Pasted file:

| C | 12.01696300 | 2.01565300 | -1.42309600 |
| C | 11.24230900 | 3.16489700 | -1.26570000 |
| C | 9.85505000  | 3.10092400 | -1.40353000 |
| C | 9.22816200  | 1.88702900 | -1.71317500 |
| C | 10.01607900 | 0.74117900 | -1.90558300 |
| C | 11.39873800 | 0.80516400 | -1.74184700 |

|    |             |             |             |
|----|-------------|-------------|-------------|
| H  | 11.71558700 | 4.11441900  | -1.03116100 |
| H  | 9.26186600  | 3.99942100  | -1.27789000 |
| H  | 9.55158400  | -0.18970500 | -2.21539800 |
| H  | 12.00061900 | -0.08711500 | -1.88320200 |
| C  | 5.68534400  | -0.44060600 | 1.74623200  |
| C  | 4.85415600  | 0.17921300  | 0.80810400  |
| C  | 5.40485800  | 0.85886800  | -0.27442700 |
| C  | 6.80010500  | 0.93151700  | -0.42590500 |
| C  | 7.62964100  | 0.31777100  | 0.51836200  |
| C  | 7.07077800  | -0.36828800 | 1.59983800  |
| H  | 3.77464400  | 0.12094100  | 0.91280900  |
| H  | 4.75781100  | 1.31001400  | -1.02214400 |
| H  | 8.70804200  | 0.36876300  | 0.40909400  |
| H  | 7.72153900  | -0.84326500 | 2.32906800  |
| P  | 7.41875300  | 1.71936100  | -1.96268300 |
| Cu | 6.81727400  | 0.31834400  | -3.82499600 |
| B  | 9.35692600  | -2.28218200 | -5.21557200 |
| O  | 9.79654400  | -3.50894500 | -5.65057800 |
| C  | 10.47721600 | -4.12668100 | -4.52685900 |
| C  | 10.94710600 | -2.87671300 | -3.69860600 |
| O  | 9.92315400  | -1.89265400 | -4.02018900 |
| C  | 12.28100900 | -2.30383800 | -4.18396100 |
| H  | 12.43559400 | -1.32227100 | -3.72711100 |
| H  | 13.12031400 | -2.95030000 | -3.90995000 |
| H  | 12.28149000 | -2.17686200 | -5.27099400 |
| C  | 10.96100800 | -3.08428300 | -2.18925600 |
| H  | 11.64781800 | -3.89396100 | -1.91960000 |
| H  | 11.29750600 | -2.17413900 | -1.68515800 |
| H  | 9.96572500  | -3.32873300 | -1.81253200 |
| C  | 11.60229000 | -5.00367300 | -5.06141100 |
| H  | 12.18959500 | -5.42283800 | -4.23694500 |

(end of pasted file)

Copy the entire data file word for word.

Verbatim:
| C | 12.01696300 | 2.01565300 | -1.42309600 |
| C | 11.24230900 | 3.16489700 | -1.26570000 |
| C | 9.85505000  | 3.10092400 | -1.40353000 |
| C | 9.22816200  | 1.88702900 | -1.71317500 |
| C | 10.01607900 | 0.74117900 | -1.90558300 |
| C | 11.39873800 | 0.80516400 | -1.74184700 |

|    |             |             |             |
|----|-------------|-------------|-------------|
| H  | 11.71558700 | 4.11441900  | -1.03116100 |
| H  | 9.26186600  | 3.99942100  | -1.27789000 |
| H  | 9.55158400  | -0.18970500 | -2.21539800 |
| H  | 12.00061900 | -0.08711500 | -1.88320200 |
| C  | 5.68534400  | -0.44060600 | 1.74623200  |
| C  | 4.85415600  | 0.17921300  | 0.80810400  |
| C  | 5.40485800  | 0.85886800  | -0.27442700 |
| C  | 6.80010500  | 0.93151700  | -0.42590500 |
| C  | 7.62964100  | 0.31777100  | 0.51836200  |
| C  | 7.07077800  | -0.36828800 | 1.59983800  |
| H  | 3.77464400  | 0.12094100  | 0.91280900  |
| H  | 4.75781100  | 1.31001400  | -1.02214400 |
| H  | 8.70804200  | 0.36876300  | 0.40909400  |
| H  | 7.72153900  | -0.84326500 | 2.32906800  |
| P  | 7.41875300  | 1.71936100  | -1.96268300 |
| Cu | 6.81727400  | 0.31834400  | -3.82499600 |
| B  | 9.35692600  | -2.28218200 | -5.21557200 |
| O  | 9.79654400  | -3.50894500 | -5.65057800 |
| C  | 10.47721600 | -4.12668100 | -4.52685900 |
| C  | 10.94710600 | -2.87671300 | -3.69860600 |
| O  | 9.92315400  | -1.89265400 | -4.02018900 |
| C  | 12.28100900 | -2.30383800 | -4.18396100 |
| H  | 12.43559400 | -1.32227100 | -3.72711100 |
| H  | 13.12031400 | -2.95030000 | -3.90995000 |
| H  | 12.28149000 | -2.17686200 | -5.27099400 |
| C  | 10.96100800 | -3.08428300 | -2.18925600 |
| H  | 11.64781800 | -3.89396100 | -1.91960000 |
| H  | 11.29750600 | -2.17413900 | -1.68515800 |
| H  | 9.96572500  | -3.32873300 | -1.81253200 |
| C  | 11.60229000 | -5.00367300 | -5.06141100 |
| H  | 12.18959500 | -5.42283800 | -4.23694500 |